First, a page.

Alaska's US House Seat Could Go Either Way
As President Joe Biden, members of Congress and other officials paid their respects Tuesday to the late Rep. Don Young, the race for the at-large U.S. House district he had represented for nearly half a century was shaping up back in Alaska.
Few if any Alaskans are predicting the winner at this point. The race could go either way, several told Newsmax, because the state earned a unique niche in 2020 as the only one of the 50 to use the ''ranked choice'' system to elect officeholders.
Democrats have settled on surgeon Al Gross, an independent who ran with Democratic support against Republican Sen. Dan Sullivan and drew 41% of the vote.
Few pundits or pols in the Land of the Midnight Sun believe Sarah Palin will actually become a candidate, despite her telling Newsmax's Grant Stinchfield that she would run ''in a heartbeat'' for Young's open seat.
Sources close to the former governor say she now spends little time in Alaska and has not remained in touch with grassroots activists in the state Republican Party.
''Having learned never to underestimate Sarah, I won't be surprised if she runs,'' former Lt. Gov. Mead Treadwell, a Republican, told us. ''But I would not bet on it. She's talked to no one I know about getting a campaign going. Many others have.''
Former state Sen. John Coghill, a conservative and longtime friend of Young, became a candidate days ago. Also eyeing the race are former Assistant Secretary of the Interior Tara Sweeney, a past co-chairman of the Alaskan Federation of Natives, and state Sen. Josh Revak, a former Young staffer.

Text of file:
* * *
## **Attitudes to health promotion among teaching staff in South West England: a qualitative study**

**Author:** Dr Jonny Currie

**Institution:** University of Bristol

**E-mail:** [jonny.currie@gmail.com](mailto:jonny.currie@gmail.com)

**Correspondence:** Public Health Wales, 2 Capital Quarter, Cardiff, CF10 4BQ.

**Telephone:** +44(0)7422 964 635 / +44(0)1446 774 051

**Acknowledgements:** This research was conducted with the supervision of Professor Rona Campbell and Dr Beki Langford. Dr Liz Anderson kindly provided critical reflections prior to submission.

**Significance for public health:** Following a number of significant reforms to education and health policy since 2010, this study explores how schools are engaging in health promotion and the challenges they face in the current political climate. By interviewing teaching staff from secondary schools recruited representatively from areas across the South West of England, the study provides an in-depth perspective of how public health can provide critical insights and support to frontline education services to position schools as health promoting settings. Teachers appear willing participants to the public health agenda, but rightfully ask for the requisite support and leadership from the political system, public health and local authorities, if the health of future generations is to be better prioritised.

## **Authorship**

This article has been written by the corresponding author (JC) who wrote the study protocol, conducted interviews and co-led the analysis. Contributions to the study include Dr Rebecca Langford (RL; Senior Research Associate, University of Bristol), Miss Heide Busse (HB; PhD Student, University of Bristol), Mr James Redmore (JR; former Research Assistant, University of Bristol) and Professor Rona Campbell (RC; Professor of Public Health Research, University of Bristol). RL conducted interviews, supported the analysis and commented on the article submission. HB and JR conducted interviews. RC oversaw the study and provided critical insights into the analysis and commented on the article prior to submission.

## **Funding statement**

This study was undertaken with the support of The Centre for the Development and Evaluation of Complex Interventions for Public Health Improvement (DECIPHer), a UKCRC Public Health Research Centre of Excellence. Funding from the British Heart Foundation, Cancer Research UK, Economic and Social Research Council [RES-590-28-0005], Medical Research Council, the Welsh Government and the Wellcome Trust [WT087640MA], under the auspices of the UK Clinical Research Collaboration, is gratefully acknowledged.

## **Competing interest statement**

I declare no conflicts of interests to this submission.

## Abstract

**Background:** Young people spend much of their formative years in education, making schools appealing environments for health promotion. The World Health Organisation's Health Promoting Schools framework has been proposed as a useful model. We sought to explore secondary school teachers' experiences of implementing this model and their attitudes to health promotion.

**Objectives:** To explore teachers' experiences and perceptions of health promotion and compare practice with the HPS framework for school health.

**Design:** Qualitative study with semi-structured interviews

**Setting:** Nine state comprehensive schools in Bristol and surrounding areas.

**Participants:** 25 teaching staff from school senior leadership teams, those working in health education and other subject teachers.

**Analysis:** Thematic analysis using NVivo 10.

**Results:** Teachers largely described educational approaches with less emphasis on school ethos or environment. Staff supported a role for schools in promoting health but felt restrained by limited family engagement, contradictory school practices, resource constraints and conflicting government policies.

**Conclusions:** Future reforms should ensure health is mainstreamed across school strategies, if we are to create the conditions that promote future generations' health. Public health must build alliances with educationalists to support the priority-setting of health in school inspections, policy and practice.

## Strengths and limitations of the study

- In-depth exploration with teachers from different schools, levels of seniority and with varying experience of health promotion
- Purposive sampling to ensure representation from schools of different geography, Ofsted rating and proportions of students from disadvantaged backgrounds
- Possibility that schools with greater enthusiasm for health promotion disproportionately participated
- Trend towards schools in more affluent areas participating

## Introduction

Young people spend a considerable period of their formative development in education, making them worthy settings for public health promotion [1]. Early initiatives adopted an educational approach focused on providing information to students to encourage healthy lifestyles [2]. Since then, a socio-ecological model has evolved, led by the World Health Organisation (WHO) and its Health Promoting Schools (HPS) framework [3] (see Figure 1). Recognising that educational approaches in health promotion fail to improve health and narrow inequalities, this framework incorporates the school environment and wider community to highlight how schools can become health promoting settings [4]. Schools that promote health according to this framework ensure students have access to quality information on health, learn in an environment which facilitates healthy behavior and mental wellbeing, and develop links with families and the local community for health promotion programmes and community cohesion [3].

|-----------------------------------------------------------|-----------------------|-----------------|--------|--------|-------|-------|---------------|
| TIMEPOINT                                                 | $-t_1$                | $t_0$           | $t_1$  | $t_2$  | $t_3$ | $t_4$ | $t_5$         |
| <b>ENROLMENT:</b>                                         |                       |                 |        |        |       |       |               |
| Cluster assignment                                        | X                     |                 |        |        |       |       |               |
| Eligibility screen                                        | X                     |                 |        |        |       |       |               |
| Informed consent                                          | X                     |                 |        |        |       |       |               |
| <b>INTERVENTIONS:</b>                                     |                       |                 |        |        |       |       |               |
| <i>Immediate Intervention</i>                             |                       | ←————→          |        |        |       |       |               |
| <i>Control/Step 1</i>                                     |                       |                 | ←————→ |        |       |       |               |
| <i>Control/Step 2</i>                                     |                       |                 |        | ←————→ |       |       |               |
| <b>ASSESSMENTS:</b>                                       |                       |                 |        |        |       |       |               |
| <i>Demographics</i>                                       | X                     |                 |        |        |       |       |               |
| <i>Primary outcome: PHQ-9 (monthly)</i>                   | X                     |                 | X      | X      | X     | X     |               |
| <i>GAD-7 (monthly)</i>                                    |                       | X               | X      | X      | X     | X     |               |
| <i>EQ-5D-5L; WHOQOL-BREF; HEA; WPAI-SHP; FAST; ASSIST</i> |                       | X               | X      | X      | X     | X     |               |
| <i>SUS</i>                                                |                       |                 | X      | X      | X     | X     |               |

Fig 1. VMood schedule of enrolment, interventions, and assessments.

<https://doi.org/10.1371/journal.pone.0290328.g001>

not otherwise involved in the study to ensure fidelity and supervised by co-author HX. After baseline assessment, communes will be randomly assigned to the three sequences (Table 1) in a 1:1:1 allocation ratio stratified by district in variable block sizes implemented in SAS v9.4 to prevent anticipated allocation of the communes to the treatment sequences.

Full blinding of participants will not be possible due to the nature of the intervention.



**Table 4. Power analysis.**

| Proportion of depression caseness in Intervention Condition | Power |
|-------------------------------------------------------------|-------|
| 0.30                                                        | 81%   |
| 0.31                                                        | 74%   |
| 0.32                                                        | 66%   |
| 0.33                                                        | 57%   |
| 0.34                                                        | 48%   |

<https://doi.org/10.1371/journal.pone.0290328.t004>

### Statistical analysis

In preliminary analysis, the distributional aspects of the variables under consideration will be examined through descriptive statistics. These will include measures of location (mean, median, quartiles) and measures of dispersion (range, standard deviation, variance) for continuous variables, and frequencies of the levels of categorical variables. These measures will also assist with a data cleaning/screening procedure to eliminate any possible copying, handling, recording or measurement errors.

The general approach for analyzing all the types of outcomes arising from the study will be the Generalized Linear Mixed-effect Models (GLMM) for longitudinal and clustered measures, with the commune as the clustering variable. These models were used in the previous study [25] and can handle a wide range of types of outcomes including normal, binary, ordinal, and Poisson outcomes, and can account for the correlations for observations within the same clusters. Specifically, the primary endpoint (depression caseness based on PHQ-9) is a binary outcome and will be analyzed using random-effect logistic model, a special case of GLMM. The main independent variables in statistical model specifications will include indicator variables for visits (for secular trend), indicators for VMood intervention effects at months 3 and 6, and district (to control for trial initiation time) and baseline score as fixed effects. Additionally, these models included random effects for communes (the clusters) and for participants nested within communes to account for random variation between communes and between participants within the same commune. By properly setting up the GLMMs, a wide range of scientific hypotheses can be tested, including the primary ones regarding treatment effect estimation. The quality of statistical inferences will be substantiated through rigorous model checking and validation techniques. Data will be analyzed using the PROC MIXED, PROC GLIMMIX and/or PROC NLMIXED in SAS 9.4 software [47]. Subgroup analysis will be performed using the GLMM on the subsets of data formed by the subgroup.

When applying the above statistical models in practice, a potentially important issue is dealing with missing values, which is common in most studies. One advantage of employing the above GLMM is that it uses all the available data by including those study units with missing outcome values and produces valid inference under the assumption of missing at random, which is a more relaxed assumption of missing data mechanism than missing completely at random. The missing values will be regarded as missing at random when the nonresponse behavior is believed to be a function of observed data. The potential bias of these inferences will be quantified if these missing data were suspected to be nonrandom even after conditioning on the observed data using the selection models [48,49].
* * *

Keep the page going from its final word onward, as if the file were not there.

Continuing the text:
One Republican already in the race at the time of Young's death was businessman Nick Begich III, grandson and namesake of Young's Democratic predecessor in the House (whose career ended in a still-unsolved disappearance of a plane in 1972).
Although the younger Begich is a conservative Republican, two of his uncles are prominent Democratic figures (former Sen. Mike Begich and state Senate Democratic Leader Tom Begich).
There was some criticism heard among Young supporters that, in challenging Young for renomination, the younger Begich was unexpectedly mean to the venerable incumbent.
Under the new rules, voters in the special primary June 11 will choose four candidates from major or minor parties to compete in the special election Aug. 16 (the same day as the primary for the general election).
''Ranked choice'' means that the candidate with the fewest first-choice votes among the four contenders is eliminated and his or her votes given to their second choices. The process of eliminating and reassigning continues until one of the four has a majority.
John Gizzi is chief political columnist and White House correspondent for Newsmax. For more of his reports, Go Here Now.